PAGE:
Tomorrow, the Minnesota canvassing board will meet to determine the fate of the hundreds of absentee ballots that were wrongfully rejected, which, it's been estimated, may be as many as 500-1,000 ballots our of 12,000 cast. But The Pioneer Press today is indicating that number could in fact be far higher.
...an early look at the results of counties' sorting of rejected absentee ballots indicate those may be conservative numbers.
- Minneapolis rejected 610 ballots, 171 of which should have been counted. That's a wrongful rejection rate of 28 percent.
- Anoka County rejected 214 ballots, 25 of which were improperly rejected for a wrongful rejection rate of about 12 percent.
- And Dakota County, which has only sorted through about 60 percent of its rejected absentee ballots, has already found 110 that should have been counted in its stack of 849 ballots.
According to a Pioneer Press analysis of information from 12 counties, which have made progress in sorting their absentees and told the newspaper their results, 358 absentee ballots were improperly rejected out of 2,216. That's a wrongful rejection rate of 16 percent.
If there were 12,000 rejected absentee ballots statewide and 16 percent were improperly rejected, that would mean about 2,000 ballots should have been counted on Election Day but weren't.
Those are stunning numbers and could easily swing the election. And I agree with Eric Kleefeld:
It's the kind of big number that could increase the pressure on the state canvassing board to rule in favor of re-admitting those votes at tomorrow's much-anticipated meeting, rather than kick it to the courts.
But will they? Well, we'll find out tomorrow, but in the meantime, it certainly seems Team Franken is winning the message war. Yesterday they released a web video featuring interviews with several voters whose absentee ballots were wrongfully rejected. Watch it below and notice the repeated refrain: "we did everything right."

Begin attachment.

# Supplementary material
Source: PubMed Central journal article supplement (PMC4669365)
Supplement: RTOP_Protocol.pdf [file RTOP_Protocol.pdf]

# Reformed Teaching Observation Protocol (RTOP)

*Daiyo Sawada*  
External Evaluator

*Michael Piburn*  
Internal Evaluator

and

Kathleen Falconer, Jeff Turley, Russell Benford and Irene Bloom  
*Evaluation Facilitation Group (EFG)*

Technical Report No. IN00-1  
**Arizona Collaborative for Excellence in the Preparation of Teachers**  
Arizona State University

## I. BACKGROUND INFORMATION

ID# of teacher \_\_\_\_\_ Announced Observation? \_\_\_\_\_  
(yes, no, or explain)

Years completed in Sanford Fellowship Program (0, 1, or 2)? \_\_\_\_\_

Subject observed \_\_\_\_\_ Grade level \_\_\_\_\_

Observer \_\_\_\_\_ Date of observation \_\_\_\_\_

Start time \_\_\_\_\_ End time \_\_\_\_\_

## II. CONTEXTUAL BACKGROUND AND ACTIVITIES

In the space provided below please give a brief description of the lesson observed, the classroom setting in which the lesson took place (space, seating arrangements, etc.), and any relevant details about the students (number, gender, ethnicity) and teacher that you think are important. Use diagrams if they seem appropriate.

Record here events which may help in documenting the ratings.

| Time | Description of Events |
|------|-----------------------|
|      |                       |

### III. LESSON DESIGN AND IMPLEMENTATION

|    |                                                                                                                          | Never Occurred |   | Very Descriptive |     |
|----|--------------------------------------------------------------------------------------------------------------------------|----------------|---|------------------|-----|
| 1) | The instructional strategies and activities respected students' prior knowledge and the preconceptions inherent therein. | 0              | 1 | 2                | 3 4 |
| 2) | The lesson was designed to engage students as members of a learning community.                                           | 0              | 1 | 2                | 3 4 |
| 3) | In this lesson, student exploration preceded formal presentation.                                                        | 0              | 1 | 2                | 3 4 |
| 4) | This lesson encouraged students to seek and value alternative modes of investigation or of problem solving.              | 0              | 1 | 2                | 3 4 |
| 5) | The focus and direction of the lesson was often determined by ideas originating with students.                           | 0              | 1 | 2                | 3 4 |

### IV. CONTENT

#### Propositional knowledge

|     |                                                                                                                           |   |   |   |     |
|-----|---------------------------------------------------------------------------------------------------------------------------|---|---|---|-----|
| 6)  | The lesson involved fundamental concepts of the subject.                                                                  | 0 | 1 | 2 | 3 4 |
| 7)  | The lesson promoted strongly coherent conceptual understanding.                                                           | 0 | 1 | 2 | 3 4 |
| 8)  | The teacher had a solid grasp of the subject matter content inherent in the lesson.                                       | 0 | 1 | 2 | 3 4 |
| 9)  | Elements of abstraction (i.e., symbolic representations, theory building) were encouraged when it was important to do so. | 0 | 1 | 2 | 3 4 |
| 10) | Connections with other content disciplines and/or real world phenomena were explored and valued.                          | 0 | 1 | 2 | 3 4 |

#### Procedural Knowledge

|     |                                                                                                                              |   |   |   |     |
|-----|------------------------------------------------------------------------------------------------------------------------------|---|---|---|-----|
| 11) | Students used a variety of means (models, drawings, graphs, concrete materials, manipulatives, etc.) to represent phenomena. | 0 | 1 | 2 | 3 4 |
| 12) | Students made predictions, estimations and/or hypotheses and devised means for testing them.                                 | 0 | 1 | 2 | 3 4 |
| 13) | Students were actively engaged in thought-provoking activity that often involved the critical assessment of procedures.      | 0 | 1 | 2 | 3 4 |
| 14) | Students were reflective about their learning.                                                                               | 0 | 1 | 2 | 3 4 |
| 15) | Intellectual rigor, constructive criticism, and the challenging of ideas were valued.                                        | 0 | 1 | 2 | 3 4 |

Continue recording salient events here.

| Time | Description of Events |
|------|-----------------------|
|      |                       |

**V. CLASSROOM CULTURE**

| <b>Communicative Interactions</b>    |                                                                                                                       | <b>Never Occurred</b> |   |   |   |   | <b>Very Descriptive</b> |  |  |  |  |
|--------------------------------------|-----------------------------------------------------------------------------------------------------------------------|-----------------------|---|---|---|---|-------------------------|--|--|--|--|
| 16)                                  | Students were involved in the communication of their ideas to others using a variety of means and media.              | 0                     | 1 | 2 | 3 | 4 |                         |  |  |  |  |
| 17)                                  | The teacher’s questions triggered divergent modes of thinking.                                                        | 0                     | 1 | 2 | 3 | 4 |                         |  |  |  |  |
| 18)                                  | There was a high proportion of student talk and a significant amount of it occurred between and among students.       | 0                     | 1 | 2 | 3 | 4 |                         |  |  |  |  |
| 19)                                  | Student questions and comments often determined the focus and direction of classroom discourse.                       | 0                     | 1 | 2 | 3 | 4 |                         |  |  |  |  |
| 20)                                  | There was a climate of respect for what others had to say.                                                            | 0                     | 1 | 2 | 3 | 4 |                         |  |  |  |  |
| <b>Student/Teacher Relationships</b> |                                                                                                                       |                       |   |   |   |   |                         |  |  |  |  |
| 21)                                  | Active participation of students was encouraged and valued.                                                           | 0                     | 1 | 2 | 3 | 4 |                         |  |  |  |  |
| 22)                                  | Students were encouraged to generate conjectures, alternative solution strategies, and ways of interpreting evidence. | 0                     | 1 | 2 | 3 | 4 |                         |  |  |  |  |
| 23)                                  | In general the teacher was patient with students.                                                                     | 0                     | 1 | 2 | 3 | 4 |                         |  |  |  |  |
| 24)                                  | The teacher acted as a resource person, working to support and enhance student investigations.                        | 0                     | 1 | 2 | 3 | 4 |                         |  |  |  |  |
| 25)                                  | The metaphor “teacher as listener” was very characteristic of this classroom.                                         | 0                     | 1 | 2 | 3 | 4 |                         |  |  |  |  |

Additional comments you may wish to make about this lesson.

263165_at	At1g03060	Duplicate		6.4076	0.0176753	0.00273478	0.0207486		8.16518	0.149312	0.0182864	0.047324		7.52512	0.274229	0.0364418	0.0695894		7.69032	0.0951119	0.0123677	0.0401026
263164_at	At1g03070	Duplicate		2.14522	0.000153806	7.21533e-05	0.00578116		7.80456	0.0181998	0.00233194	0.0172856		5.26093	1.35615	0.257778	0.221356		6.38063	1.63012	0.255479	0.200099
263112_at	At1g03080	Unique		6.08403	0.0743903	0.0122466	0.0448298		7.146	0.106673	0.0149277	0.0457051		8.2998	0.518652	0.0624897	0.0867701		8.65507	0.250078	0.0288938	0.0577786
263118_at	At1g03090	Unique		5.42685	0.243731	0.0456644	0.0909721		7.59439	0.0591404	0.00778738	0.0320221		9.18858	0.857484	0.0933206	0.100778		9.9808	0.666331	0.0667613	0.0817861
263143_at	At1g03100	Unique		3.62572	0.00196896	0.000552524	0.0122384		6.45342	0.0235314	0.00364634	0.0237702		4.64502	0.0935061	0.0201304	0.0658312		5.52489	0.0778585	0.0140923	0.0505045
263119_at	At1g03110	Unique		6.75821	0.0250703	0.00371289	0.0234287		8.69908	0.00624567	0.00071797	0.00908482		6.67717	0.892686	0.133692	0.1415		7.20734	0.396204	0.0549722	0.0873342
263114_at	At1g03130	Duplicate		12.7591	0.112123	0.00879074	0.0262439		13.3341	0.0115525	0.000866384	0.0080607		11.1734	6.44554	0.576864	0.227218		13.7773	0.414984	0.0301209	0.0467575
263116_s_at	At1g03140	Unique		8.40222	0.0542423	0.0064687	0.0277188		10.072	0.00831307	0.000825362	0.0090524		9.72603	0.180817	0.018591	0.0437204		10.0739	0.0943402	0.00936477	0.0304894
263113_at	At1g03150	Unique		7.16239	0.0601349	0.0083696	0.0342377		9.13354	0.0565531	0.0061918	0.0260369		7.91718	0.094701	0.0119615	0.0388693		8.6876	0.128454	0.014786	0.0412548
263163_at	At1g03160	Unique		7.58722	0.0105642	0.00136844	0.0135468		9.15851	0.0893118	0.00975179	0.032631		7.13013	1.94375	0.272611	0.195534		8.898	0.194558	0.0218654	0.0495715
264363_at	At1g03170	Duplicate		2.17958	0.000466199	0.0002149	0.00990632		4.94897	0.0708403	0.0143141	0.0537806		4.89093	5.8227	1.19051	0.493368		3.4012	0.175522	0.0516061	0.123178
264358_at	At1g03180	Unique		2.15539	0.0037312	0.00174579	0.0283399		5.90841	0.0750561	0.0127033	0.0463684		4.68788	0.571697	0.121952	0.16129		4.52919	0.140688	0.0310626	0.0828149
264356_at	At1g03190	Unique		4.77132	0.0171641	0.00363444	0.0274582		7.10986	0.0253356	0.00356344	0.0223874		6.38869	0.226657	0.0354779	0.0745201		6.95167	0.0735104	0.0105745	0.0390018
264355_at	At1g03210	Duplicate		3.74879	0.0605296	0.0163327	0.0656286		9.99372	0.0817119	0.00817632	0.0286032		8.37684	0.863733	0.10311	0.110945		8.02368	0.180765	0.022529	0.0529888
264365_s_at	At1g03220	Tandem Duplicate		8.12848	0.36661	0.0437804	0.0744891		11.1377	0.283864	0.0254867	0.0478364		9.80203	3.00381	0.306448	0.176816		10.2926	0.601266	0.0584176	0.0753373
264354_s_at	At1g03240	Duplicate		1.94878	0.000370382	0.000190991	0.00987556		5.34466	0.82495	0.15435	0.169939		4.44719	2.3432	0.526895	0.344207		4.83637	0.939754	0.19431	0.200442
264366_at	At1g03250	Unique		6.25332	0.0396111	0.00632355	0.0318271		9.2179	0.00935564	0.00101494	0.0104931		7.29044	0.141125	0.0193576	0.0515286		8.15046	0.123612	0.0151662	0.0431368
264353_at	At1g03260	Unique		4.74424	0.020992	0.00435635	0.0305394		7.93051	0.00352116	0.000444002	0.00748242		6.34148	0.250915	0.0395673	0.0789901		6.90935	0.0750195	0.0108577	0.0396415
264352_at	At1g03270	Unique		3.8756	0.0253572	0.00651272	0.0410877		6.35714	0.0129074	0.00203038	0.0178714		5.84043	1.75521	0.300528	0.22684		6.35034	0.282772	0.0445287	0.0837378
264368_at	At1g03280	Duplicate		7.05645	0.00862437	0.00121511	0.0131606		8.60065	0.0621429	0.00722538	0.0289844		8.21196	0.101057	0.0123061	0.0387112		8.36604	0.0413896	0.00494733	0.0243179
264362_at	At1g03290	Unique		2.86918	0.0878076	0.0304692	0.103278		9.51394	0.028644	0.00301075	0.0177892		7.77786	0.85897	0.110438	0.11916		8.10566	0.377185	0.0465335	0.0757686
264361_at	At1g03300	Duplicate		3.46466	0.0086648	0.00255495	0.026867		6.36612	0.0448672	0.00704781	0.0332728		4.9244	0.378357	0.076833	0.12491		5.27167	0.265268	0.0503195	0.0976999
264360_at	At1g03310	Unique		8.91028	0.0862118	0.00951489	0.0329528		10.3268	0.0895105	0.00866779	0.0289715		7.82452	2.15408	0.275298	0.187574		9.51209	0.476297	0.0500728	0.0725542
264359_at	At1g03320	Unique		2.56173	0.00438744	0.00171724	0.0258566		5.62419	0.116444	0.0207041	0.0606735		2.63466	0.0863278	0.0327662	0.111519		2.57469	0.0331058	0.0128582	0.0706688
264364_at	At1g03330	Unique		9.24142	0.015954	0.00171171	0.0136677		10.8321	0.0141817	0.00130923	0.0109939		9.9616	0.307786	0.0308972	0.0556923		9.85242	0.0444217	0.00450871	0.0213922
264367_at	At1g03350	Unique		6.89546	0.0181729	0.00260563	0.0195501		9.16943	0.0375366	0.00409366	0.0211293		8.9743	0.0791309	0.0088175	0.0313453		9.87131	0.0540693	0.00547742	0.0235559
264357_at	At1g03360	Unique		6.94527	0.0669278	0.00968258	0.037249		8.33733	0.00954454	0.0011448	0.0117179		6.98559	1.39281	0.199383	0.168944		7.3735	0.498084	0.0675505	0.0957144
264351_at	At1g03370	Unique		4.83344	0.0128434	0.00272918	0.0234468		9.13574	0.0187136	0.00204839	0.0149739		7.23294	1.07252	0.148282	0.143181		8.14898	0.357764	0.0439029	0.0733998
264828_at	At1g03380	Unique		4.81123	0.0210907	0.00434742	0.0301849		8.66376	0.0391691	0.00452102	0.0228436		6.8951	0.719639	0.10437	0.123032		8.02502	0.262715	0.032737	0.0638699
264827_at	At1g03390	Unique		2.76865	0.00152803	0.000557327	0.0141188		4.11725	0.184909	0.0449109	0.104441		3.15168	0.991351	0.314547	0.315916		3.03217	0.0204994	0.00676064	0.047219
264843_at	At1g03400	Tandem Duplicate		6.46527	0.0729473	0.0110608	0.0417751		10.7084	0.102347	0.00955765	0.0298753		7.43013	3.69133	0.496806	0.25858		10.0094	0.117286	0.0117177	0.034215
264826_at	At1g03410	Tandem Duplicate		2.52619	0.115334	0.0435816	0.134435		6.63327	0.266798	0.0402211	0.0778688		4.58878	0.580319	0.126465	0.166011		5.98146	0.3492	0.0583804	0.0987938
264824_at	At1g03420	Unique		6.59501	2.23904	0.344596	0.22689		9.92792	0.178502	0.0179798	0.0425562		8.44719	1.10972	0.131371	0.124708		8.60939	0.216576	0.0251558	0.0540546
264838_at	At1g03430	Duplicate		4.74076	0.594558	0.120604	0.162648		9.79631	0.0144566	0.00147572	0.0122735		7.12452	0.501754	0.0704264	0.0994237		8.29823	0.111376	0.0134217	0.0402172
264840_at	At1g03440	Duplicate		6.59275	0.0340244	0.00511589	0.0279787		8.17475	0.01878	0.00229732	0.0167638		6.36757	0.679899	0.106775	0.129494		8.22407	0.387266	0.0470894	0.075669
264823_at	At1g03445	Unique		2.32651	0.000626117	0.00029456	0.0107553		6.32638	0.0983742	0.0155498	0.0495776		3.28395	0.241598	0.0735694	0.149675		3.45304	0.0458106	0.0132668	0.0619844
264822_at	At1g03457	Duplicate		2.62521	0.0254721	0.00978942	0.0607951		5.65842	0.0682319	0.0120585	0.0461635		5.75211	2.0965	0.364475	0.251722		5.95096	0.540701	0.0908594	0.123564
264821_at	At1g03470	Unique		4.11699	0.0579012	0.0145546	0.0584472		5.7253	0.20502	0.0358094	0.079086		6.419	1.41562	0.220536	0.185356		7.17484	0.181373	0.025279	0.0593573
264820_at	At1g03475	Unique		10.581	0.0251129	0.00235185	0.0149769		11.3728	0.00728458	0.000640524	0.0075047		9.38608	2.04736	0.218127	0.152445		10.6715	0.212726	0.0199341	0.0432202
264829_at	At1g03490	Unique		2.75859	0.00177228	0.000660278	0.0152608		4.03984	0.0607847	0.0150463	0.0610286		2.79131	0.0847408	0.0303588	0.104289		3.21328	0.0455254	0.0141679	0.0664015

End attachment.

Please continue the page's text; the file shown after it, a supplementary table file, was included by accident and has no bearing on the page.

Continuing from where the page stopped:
Now look at the opening paragraphs of the Pioneer Press article:
At least 358 Minnesotans did everything right on their absentee ballots -- they sent them in on time, signed them where they should have and were properly registered -- but their votes were not counted.
The Franken campaign has successfully framed this issue as a matter of fairness and enfranchisement and certainly seems to have given the canvassing board the political cover to vote to include them. And if they do, I'd really like to see the Coleman campaign try to argue it was wrong for them to do so.
The drama of the Minnesota Senate recount continues...
Via TPM, The Star Tribune is reporting today that the search for those 133 ballots that went missing from a highly Democratic Minneapolis precinct has reportedly been called off.
City spokesman Matt Laible said today that officials had suspended the search for the ballots that began after they turned up missing in the waning hours of last week's U.S. Senate recount.
The matter will be turned over to the state Canvassing Board, which will decide whether the 133 will be officially counted, Laible said.
According to the original vote count, those ballots accounted for a 46 vote net gain for Al Franken and hence their exclusion from the count would mean a net loss of 46, which could be decisive in this close race. Luckily Minnesota does tend to err on the side of inclusion in electoral matters and so just because they can't be found for the recount doesn't necessarily mean they won't be counted.
A state official just confirmed to Election Central that the state does have an option: Including the Election Night total instead for this particular precinct. [...]
Beth Fraser, the director of governmental affairs for the Secretary of State's office, said that there's actually a recent precedent for such a move, going back to a 2002 recount of a state legislative race that also had ballots missing from the recounted data set. "In that case, the state canvassing board gave each of the candidates the higher number of votes," said Fraser.